19-20 May 2002
(midnight)

The Democratic Republic of Timor-Leste becomes an independent nation.

20 May 2002

Timor-Leste and Australia Prime Ministers sign the Timor Sea Treaty (TST) to replace the 2001 Arrangement. The substance of that Arrangement is continued, “without prejudice” to a future maritime boundary settlement which would replace the treaty. Both Governments promise to conclude a Sunrise Unitisation Agreement by the end of 2002.

19 July 2002

The first round of negotiations between Timor-Leste and Australia on a Sunrise International Unitization Agreement (IUA) concludes with both parties pledging to reach agreement by the end of 2002. The IUA will define how the Greater Sunrise field, with about 9 trillion cubic feet of natural gas will be divided. Australia (then expected to receive 82% of Sunrise upstream revenues) places a high priority on reaching this agreement so that the Sunrise project can proceed.

24 August 2002

Timor-Leste passes a maritime boundary law based on UNCLOS principles, claiming an Exclusive Economic Zone for 200 miles off Timor-Leste’s coasts. The law is retroactive to 20 May 2002.

20 September 2002

Australia awards an exploration contract for a disputed area partly on Timor-Leste’s side of the median line. Similar contracts, protested by Timor-Leste, are awarded in April 2003 and February 2004.

3 October 2002

Timor-Leste Prime Minister Mari Alkatiri writes Australian PM John Howard to propose initial discussions on maritime boundaries. A month later, Howard replies that Australia “is willing to commence discussions” after the Timor Sea Treaty is in force and the Sunrise IUA “has been completed.” On 18 November Alkatiri writes back that he sees no reason why “completion of these interim arrangements” is necessary before boundary talks start, and asks for a “swift timetable” for boundary discussions.

October 2002

Sunrise unitization agreement talks continue. Australia and Woodside want to link this agreement to the ratification of the Timor Sea Treaty, thereby holding the Bayu-Undan project (which primarily benefits Timor-Leste) hostage to Timor-Leste’s concession of most of the revenues from the larger Sunrise project to Australia.

27 November 2002

Australian Foreign Minister Alexander Downer, after an acrimonious meeting with Mari Alkatiri in Dili, says that Australia may not ratify the Timor Sea Treaty until February 2003 or later, violating both governments’ commitments to complete ratification in 2002. The oil companies say that the delay could endanger arrangements to sell gas from Bayu-Undan and Sunrise, adding to pressure on Timor-Leste’s government to promptly accept Sunrise unitization terms which unfairly benefit Australia, rather than insisting that the maritime boundaries be negotiated.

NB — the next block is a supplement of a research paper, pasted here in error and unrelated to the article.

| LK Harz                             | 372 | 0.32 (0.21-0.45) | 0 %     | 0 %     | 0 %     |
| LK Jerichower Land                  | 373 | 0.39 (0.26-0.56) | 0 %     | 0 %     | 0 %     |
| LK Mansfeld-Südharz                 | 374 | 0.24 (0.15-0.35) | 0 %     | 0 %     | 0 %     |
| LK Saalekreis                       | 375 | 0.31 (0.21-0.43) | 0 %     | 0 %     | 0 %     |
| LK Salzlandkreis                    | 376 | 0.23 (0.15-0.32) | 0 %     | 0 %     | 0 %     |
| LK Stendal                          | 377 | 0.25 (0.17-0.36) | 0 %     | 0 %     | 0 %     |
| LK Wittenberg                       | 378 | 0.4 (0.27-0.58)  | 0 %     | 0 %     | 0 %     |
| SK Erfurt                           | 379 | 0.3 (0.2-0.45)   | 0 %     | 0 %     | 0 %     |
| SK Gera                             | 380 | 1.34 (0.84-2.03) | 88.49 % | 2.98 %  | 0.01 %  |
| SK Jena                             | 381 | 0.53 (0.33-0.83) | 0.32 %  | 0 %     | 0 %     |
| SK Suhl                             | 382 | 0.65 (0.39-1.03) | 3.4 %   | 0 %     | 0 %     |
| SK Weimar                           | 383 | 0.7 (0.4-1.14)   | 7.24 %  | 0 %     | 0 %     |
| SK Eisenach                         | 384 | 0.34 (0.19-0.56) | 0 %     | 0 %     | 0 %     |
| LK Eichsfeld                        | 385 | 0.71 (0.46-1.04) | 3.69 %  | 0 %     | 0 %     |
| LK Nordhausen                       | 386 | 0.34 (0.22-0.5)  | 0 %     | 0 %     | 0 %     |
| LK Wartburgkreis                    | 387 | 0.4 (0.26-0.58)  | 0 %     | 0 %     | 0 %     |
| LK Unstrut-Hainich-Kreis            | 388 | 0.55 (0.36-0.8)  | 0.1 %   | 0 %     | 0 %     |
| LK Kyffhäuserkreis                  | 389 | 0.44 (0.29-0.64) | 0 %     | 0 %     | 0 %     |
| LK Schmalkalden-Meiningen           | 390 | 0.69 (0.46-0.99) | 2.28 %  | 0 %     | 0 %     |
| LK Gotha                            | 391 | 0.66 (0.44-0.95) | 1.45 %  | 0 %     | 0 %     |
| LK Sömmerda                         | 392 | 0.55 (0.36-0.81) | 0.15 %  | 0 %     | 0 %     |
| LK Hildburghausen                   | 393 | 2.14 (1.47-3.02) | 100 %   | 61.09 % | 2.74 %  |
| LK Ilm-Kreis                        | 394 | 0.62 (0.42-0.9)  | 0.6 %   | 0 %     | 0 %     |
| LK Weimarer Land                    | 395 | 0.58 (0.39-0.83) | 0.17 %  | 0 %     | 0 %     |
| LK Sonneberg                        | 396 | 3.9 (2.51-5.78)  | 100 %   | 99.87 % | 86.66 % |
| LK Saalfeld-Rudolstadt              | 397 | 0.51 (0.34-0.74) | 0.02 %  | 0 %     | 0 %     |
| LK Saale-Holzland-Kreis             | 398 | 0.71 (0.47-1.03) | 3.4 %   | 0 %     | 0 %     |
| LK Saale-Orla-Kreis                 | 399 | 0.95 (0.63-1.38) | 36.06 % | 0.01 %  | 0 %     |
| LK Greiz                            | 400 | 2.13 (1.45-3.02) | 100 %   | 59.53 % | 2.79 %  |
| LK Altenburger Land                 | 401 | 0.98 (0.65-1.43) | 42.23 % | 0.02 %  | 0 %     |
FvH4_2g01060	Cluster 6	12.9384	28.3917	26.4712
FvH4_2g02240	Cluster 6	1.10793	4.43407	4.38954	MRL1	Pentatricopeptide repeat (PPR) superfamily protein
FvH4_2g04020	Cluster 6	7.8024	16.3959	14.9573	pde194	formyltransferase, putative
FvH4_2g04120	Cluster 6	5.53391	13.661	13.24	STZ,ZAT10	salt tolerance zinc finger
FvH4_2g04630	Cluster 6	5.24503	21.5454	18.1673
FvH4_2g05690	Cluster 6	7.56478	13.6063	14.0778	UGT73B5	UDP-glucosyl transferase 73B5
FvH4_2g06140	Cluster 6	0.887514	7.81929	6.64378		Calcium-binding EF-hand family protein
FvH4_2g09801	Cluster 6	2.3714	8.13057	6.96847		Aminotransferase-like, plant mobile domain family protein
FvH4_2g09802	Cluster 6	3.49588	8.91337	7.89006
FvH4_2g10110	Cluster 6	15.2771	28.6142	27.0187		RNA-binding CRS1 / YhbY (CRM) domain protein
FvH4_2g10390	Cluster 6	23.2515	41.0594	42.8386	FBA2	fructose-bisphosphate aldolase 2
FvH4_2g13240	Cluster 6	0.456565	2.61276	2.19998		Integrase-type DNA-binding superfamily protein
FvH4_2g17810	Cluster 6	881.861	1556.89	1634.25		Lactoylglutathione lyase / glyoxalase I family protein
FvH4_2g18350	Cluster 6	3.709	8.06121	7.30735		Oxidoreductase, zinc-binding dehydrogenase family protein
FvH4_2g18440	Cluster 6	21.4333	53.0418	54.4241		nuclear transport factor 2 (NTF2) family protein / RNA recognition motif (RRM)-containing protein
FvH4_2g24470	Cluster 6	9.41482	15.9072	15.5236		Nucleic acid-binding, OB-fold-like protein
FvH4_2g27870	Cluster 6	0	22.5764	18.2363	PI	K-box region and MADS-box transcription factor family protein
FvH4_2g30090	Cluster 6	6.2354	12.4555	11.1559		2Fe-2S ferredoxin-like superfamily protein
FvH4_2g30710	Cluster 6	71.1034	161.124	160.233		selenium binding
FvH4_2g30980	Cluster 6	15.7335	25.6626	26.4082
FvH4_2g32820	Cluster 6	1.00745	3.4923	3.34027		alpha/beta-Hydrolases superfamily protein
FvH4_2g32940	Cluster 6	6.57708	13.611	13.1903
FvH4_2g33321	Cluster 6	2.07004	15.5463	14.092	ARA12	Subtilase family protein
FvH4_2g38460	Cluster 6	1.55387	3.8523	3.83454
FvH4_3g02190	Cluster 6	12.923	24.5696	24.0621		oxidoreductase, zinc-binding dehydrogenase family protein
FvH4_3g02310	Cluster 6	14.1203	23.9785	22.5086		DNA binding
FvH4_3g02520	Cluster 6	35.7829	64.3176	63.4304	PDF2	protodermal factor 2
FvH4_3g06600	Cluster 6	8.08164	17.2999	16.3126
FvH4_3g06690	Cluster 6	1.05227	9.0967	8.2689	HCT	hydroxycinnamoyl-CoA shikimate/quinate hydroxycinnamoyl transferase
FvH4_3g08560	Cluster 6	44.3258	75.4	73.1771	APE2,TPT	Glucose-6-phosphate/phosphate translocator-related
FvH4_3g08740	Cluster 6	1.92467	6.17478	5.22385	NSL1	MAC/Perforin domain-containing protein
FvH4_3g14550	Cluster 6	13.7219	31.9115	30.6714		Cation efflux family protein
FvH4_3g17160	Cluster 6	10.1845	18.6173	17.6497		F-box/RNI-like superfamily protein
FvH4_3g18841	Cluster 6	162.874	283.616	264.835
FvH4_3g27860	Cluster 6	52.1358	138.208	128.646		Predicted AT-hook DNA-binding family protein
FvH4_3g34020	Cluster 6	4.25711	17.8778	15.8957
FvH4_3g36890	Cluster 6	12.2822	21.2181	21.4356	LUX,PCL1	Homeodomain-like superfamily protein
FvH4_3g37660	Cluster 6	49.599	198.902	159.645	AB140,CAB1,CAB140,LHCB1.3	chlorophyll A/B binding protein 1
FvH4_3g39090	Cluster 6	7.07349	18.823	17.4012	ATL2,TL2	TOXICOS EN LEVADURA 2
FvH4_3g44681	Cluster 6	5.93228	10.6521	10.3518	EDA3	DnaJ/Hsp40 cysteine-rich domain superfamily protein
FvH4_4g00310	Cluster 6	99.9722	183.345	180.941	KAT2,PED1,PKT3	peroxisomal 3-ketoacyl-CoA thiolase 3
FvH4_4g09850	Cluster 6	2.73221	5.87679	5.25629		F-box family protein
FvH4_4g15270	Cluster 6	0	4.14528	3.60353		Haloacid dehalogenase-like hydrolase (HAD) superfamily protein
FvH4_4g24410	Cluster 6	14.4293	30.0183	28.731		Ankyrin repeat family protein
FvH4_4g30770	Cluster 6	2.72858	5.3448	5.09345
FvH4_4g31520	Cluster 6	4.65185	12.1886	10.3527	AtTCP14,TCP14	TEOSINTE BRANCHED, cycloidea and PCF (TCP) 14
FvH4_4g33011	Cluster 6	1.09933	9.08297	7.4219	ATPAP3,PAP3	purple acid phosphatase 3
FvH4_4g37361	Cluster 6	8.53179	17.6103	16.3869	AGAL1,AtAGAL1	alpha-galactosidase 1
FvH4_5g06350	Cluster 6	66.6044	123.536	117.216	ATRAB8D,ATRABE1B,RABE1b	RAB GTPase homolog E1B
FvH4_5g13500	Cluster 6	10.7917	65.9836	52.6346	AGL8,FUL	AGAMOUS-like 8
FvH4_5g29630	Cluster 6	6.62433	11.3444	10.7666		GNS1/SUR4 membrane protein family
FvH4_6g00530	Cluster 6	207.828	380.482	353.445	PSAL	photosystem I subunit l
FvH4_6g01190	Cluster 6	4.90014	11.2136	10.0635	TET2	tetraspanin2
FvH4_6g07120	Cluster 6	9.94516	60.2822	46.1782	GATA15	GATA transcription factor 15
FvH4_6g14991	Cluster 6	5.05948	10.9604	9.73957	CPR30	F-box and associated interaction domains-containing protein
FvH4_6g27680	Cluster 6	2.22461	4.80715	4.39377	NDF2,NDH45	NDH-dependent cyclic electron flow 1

6 December 2002

Sunrise partners Woodside, ConocoPhillips, Shell and Osaka Gas announce the indefinite delay of the Sunrise project, claiming that neither the floating LNG processing plant nor the pipeline to Darwin is economically viable. Many see this as a tactic to pressure Timor-Leste to accept Australia’s wishes on Sunrise.

17 December 2002

Timor-Leste’s Parliament ratifies the Timor Sea Treaty.
2003
 

26 January 2003

The East Timor Action Network (ETAN) demonstrates in Washington to demand that Australia abide by international law. This is the first of many such demonstrations around the world over the next 2½ years.

1 February 2003

Australia, rejecting Timor-Leste’s refusal to concede sovereignty over the part of Greater Sunrise which lies outside the JPDA, says its Parliament will not ratify the Timor Sea Treaty until Timor-Leste gives in and signs Australia’s proposed version of the Sunrise International Unitization Agreement.

4 March 2003

Having received no response to his 18 November 2002 letter requesting boundary negotiations, Mari Alkatiri writes to John Howard that the TST will soon be in force and the IUA is being submitted to the RDTL Council of Ministers. He asks for an “early indication of a date” on which permanent boundary “discussions might begin, and a date by which you consider those discussions might result in a permanent boundary delimitation.” Howard replies five months later, indicating a willingness to begin talking about boundaries, with no timetable.

6 March 2003

 Australia and Timor-Leste sign the International Unitization Agreement (IUA) for Greater Sunrise.

6 March 2003

The Australian Parliament ratifies the Timor Sea Treaty. Green Senator Bob Brown is expelled for accusing John Howard of “blackmail” by delaying ratification until after Timor-Leste signs the IUA.

2 April 2003

The Timor Sea Treaty enters into force, establishing the bi-national Timor Sea Designated Authority (TSDA) to manage projects in the joint development area. It will expire in 30 years, or when maritime boundaries are established, whichever comes first.

 

Figure 28. Sunrise Unit Area defined by the IUA (tan, with dashed blue border), showing fields (green), production-sharing contracts (purple) and test wells (blue). The black line divides the Joint Petroleum Development Area (left) from the area attributed to Australia.

May 2003